The Museum also helds temporary exhibitions, currently there are those: Ignac Preissler (1676-1741) – Painter of Glass and Porcelain, Czech Glass 1945 – 1980/Production at the time of Misery and Illusions, and attractive exhibition Alphonse Mucha – the Czech Master of Belle Epoque.
Museum is opened on Tuesdays from 10:00 till 19:00, Wednesdays-Sundays from 10:00 till 18:00. The entrance fee for both permanent and temporary exhibitions is 120 CZK full price and 70 CZK discount (students, children, seniors). Family ticket costs 300 CZK. There is also a possibility to visit only the permanent or only the temporary exhibition, which is for 80 CZK full price, 40 CZK discount. And, on Tuesdays, after 17:00 is free entry.
In the museum building there is also a library with a study room, accessible for the public (you have to pay, but not much), which is concerned on historical literature of art and includes publications in different languages, and there is also a cafeteria.
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Sep 14, 13:07 (Filed under: Culture )
It all starts in Amstedam in April, and this splendid exhibition then wanders around the world and here it comes again: this year’s winning pictures of World Press Photo contest will drop in Prague on September 14, as usual at Karolinum, strictly speaking Cross Corridor of Karolinum Gallery (the address is Ovocny Trh 3). At the same day, the exhibition starts in Moscow, Zurich, and Valetta, and they all finish on October 7. The tickets in Karolinum cost 90 CZK, students pay 50 CZK
So Prague people and visitors have a chance to see how the world best press photographers work, how they give us the picture news, and what happened throughout the world last year.
World Press Photo of the year 2006 was taken by Spencer Platt and it captures young Lebanese driving through a bombed neighbourhood in Beirut in a red convertible. Twelve of the best photographers were honoured, and the book “The Press Photographer’s Year 2007” was published.
It is worth seeing, but don’t worry if you miss it, two months later, there will be another exhibition from local photographers prepared for you: Czech Press Photo.
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Sep 12, 07:16 (Filed under: Culture )
This exhibition could be called “Bodies… The Controversial Exhibition”. Why controversial? This world famous exhibition, especially in the Czech Republic, has been getting vast publicity, though not always positive opinions. This exhibition was opened on 5th May 2007 in Prague at the Lucerna and lasts till the end of October 2007.
On the official websites of this exhibition you can read that “The Exhibition features real, whole and partial body specimens that have been meticulously dissected and preserved through an innovative process”. You can see yourselves from the inside, your bones, your muscles, your organs…
Some people see the main problem in that there are the real bodies exposed. They say these dead people did not give the permission to expose their bodies after their death. It is violation of their memory. On the other hand, what about mummies? These are exposed as well and no one does not think over the fact if these dead kings and aristocrats gave some permission to exhibit their dead bodies. Everyone will make own opinion if goes and visits this exhibition. Certain is that this exhibition was seen by more than 16 million visitors in Europe and Asia. Prague is the first city of European eastern bloc where the exhibition has been presented.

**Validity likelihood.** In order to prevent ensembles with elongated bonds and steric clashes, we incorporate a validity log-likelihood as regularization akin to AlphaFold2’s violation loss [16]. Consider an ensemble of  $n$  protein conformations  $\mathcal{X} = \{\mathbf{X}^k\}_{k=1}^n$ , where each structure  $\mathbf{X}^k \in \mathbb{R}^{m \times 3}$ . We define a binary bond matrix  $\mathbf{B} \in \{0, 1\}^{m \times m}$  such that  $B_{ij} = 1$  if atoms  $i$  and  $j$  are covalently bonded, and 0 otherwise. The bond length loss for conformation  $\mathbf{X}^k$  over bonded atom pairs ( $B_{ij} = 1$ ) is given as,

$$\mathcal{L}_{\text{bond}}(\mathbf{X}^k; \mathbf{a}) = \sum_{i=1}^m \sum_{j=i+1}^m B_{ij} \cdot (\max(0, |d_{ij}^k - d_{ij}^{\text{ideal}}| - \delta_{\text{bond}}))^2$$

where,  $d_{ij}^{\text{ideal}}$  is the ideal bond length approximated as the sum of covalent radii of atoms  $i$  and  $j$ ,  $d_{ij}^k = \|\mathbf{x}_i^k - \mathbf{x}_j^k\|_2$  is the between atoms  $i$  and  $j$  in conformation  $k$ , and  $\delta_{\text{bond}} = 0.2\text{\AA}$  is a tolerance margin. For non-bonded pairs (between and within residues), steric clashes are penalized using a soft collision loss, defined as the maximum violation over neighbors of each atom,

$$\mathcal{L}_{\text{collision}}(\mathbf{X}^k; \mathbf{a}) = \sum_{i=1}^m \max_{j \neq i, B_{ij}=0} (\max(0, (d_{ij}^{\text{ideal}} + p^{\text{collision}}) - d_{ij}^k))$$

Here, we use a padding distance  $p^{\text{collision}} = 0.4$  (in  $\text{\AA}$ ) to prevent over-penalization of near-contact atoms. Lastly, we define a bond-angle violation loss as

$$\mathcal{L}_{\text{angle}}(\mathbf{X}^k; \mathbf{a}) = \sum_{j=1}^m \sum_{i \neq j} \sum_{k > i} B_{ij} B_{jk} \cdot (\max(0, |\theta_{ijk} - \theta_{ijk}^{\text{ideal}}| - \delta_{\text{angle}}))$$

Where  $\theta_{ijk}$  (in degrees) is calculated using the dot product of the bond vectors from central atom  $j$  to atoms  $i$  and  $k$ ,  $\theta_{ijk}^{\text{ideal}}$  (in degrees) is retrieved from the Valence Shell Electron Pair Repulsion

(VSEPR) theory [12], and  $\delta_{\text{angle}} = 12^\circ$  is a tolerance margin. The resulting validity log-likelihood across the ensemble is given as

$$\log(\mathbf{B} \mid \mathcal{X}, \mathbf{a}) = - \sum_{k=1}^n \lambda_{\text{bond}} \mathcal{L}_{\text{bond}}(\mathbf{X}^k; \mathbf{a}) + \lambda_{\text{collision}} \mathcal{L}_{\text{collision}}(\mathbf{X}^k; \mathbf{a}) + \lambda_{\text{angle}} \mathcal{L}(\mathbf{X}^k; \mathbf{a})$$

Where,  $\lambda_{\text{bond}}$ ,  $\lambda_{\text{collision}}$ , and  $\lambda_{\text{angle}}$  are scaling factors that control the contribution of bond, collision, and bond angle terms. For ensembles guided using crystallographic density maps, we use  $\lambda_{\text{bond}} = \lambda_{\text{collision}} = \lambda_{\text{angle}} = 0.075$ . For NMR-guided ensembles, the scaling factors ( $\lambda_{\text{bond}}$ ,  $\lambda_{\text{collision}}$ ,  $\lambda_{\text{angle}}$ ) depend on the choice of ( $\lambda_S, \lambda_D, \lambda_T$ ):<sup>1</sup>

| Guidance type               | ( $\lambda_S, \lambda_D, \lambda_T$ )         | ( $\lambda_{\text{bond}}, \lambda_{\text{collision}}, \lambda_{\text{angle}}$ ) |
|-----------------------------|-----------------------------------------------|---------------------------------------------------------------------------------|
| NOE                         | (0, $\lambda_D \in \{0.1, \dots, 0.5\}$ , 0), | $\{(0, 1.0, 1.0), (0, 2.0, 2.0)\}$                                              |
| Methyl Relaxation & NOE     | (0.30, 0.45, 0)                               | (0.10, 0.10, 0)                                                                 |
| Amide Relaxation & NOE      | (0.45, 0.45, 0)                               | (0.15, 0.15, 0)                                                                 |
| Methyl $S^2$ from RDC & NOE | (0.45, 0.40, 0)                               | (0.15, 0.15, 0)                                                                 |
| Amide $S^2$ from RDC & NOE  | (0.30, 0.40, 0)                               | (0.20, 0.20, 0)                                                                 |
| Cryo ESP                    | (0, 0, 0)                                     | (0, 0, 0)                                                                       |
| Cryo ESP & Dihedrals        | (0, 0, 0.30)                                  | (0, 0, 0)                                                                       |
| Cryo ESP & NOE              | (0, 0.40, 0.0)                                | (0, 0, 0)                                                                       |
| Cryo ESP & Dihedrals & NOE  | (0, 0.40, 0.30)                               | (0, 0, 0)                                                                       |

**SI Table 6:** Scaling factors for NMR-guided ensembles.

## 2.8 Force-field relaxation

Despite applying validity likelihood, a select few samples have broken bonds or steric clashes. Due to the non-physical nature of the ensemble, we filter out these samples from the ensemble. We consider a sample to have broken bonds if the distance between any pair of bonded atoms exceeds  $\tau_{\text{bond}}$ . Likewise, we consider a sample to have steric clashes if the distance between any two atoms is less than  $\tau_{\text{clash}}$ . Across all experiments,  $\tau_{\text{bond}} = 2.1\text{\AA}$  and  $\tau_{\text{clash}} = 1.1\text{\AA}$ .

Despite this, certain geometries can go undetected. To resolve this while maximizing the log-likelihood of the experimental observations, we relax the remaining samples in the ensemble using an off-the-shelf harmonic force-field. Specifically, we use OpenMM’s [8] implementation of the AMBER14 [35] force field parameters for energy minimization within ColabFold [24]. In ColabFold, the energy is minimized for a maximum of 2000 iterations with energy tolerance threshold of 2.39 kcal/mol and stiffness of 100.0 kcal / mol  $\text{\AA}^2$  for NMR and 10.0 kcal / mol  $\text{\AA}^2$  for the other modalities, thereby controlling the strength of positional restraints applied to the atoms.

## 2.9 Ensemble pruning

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Sep 10, 14:41 (Filed under: Culture )
National museum has more divisions, but its main builing is situated in the very centre of Prague, on the top of Wenceslas Square. You can get there were easily by metro, you just need to get off on the Muzeum Station, which is on the crossing of red and green line.
Museum´s main building holds both permanent and temporary exhibitions. Permanent exhibions are those: Prehistory and protohistory of Bohemia, Moravia and Slovakia, Mineralogical and Petrological Collections, Palaeontological Collections, Zoological Collections, Anthropological Exhibition. There is one long term exhibition – Decorations and Medals of European Countries in the 19th and 20th Century. And there are various short term exhibitions, only till 16th of September it is possible to visit a presentation called Madagaskar: The laboratory of Gods, till 14th of October there is an unusual exhibition Bryozoa: Hidden Beauty, which aims to show, through models and macro photographs, beauty of those recondite animals, and finally, till the end of September you can visit Black and White ‘60s: Legends of the Czech Sport Photography.
National Museum in Prague has pretty extensive collection and can offer something interesting for everyone, which makes it an ideal place where to go with the whole family. Through Antropological Collections you can get to know a lot about a daily life of the Czechs in passed times. If you are more into natural science you can get amazed by a huge sceleton of a whale and others exhibits of such kind.
Opening hours are as follows: from May till September is opened daily from 10:00 to 18:00, from October till April also daily, from 9:00 till 17:00. Because of the fact that museum is extensive, it is always better to reserve more time for its visit. Entrance fee is 120 CZK full price and 70 CZK reduced (for seniors, students and children over 6 years), children younger 6 years can visit it for free, family ticket costs 150 CZK. Every first Monday in a month is a free entry for everyone.